The Boulder Valley School District hasn’t yet decided if classes can resume at all schools as planned after winter break on Wednesday, but in the meantime is working to provide immediate support to families displaced by the Marshall Fire.
“We know and understand the importance in a crisis of getting schools open,” Boulder Valley Superintendent Rob Anderson said. “We’re going to work incredibly hard to do that and to take care of our employees and families.”
— Boulder Valley School District (@BVSDcolorado) January 1, 2022
The school district set up a page at bvsd.org to provide updates and resources related to the fire, including a form for students and staff members who need grief counseling or other mental health support from the district’s trauma response team.
Anderson, who lives in the fire area and evacuated along with his family, said trauma support will be ongoing.
“The reality that a lot of our kids woke up to today, it’s going to take some time to set in,” he said. “The homes I’m seeing, there’s nothing left.”
Displaced families also can contact their school principal or fill out an online form to let the district know about their situation and needs. Displaced students will qualify for support under the federal McKinney-Vento Act, a law that creates a safety net for students without adequate housing. That support includes district transportation to their home schools.
About 2,000 homes are in the Marshall Fire burn area, and officials are still evaluating how many homes were damaged or destroyed.
None of the Superior or Louisville schools were physically damaged in the fire, based on security cameras and monitoring systems. The district’s maintenance teams also were allowed into the area Friday morning to check each school.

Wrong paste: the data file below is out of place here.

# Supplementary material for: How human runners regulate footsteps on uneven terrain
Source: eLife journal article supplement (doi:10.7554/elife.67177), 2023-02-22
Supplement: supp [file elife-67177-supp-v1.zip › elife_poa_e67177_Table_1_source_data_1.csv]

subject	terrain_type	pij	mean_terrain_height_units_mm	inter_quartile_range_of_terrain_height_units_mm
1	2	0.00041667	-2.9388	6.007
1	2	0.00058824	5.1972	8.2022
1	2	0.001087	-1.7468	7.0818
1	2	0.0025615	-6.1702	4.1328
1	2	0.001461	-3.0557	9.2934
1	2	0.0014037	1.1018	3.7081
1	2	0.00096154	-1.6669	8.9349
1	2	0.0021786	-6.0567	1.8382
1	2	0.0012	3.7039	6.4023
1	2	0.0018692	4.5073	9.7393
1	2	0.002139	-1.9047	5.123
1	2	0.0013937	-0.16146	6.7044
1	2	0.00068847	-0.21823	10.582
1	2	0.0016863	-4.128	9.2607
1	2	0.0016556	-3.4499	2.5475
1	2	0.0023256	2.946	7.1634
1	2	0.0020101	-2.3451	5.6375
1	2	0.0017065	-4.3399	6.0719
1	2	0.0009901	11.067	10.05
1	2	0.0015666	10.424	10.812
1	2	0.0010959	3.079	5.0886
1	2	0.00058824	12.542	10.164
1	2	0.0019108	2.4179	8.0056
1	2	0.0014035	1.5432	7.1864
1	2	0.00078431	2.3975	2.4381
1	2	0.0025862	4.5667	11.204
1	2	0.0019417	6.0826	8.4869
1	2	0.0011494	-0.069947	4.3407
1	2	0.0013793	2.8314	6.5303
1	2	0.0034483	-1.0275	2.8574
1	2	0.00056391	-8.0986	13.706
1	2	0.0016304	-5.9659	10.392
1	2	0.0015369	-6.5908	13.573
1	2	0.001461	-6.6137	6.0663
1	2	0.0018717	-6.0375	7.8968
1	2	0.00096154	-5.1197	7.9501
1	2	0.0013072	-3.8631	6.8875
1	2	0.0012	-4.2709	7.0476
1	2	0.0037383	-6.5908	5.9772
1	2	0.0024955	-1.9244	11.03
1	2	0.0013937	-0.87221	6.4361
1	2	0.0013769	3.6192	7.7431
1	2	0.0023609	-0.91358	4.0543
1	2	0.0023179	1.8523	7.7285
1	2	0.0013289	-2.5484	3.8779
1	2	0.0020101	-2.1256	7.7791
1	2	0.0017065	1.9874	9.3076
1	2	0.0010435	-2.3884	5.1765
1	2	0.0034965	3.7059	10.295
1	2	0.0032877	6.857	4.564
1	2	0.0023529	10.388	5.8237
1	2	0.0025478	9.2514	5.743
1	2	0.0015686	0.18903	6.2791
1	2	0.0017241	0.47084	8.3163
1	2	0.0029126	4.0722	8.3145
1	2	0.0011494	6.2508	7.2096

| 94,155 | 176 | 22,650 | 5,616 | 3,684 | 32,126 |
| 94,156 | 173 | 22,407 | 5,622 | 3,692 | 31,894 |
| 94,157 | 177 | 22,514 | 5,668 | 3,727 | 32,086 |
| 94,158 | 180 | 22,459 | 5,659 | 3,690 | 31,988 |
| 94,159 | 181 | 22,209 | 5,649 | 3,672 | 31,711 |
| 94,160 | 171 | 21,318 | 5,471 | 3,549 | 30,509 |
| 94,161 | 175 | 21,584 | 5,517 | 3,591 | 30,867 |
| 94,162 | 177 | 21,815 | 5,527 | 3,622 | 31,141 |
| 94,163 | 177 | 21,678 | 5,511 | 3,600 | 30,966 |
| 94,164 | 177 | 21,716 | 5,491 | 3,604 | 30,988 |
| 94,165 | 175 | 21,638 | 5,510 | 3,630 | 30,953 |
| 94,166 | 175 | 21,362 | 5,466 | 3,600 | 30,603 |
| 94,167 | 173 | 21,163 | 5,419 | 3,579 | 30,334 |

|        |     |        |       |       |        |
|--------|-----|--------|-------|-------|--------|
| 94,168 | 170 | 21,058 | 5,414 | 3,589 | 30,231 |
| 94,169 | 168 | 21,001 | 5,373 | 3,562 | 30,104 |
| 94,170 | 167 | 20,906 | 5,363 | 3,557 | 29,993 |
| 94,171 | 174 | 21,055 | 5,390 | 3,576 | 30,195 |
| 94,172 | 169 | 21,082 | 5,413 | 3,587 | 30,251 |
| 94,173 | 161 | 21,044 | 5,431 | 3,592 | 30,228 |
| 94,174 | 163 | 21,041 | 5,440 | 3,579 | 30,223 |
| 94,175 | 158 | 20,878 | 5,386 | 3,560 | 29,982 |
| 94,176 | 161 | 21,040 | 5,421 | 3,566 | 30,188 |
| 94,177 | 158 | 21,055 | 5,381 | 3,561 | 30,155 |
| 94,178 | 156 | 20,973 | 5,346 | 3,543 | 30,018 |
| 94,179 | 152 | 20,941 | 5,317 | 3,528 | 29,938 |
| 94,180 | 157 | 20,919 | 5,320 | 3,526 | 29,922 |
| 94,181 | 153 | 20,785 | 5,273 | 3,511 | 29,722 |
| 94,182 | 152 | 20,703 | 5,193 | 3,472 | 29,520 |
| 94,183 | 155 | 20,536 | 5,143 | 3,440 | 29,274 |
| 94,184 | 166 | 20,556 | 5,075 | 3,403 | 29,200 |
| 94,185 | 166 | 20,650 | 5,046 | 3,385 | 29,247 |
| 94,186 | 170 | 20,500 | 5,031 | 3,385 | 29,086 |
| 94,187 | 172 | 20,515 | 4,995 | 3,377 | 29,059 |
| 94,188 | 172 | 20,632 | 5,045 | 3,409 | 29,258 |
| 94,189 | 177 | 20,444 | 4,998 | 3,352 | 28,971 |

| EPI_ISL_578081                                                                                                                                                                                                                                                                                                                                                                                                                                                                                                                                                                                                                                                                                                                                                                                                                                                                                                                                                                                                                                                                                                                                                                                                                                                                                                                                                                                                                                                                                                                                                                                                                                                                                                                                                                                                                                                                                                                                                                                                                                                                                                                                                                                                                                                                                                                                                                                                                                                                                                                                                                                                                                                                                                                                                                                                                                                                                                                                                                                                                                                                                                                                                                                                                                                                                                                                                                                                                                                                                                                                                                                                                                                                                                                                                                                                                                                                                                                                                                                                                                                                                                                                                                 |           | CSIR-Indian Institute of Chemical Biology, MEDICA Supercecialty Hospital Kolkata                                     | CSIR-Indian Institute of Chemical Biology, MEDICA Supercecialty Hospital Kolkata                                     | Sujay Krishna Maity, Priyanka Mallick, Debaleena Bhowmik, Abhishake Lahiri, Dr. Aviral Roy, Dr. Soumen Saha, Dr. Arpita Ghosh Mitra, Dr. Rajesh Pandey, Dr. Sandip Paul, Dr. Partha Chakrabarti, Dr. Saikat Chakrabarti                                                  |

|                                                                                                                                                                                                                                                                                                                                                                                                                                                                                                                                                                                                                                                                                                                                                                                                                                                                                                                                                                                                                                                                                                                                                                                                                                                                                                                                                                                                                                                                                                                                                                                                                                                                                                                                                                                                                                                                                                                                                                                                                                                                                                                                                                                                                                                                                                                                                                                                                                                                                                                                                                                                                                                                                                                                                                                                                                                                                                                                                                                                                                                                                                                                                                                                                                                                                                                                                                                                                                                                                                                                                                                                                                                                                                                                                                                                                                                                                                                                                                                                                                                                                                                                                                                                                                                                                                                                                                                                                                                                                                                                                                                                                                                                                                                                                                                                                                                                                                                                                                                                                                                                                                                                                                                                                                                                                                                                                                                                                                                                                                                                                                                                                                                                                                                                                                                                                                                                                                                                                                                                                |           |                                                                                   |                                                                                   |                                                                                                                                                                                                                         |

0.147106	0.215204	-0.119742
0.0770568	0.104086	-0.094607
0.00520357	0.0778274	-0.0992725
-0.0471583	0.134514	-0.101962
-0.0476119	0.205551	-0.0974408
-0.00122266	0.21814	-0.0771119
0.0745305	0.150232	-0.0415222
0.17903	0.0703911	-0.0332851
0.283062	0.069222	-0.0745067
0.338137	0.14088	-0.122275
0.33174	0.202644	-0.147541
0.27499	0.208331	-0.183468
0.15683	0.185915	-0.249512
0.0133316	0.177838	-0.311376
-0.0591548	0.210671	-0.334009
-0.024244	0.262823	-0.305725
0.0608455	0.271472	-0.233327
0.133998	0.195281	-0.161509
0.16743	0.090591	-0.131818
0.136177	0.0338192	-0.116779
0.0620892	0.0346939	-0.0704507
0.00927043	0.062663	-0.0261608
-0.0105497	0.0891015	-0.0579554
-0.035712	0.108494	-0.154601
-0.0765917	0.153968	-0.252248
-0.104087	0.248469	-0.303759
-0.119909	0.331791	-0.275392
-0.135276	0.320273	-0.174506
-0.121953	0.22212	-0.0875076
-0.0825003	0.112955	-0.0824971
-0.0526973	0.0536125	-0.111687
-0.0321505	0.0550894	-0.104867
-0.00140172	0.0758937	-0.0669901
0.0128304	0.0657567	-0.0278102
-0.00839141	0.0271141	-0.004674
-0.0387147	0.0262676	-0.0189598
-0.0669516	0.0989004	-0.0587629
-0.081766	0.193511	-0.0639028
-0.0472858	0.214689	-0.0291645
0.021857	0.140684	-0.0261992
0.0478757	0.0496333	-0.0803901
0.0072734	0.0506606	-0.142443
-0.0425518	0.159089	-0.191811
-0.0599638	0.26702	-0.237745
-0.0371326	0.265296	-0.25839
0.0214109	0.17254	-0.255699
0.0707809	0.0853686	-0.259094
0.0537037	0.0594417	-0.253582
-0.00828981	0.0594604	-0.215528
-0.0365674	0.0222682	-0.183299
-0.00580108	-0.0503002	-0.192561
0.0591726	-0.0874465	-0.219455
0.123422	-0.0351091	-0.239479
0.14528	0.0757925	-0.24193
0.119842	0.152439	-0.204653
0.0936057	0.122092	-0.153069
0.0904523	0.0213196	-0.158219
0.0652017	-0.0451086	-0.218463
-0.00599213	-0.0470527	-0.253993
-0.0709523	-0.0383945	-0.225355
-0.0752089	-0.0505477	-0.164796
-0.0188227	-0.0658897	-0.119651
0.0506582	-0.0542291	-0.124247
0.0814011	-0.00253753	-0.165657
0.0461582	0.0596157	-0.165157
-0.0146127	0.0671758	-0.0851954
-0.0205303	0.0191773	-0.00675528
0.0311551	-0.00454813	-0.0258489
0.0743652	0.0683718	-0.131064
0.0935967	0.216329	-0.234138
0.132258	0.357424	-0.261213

Some are smoky and several are without electricity, gas, water or general public road access. Opening those schools will depend on the restoration of utilities and heat, reopening of streets and impacts of the fire on staffing, as teachers and other employees have lost homes, according to district officials.
District officials said they hope to have a better understanding of the impacts to schools in both the fire area, as well as potentially in other areas of the district, in the next day or two.
For teachers and other staff members, the district has canceled all professional learning and training events scheduled for Monday and Tuesday.
“This last year has already been hard enough for employees, who have given everything they had to support our kids during a pandemic,” Anderson said. “We will do everything we can to support our employees.”
Impact on Education, Boulder Valley’s foundation, is accepting donations for students and staff members displaced by the fire through its Critical Needs Fund. To donate, go to impactoneducation.org/donate.
The magnitude of this tragedy is unimaginable. But so is our community’s willingness to help. We are standing by and ready to support students, families and staff who are impacted. https://t.co/YRS8eLps8P
— Impact on Education (@ImpactOnEd) December 31, 2021
“Like we do in every tragedy, we are mobilizing to support those in BVSD who need our help,” Impact on Education Executive Director Allison Billings said in a written statement. “Needs are currently being assessed, but with so many staff and students displaced, we know that there will be critical needs that we will be called upon to provide to ensure that students can continue learning when classes resume next week.”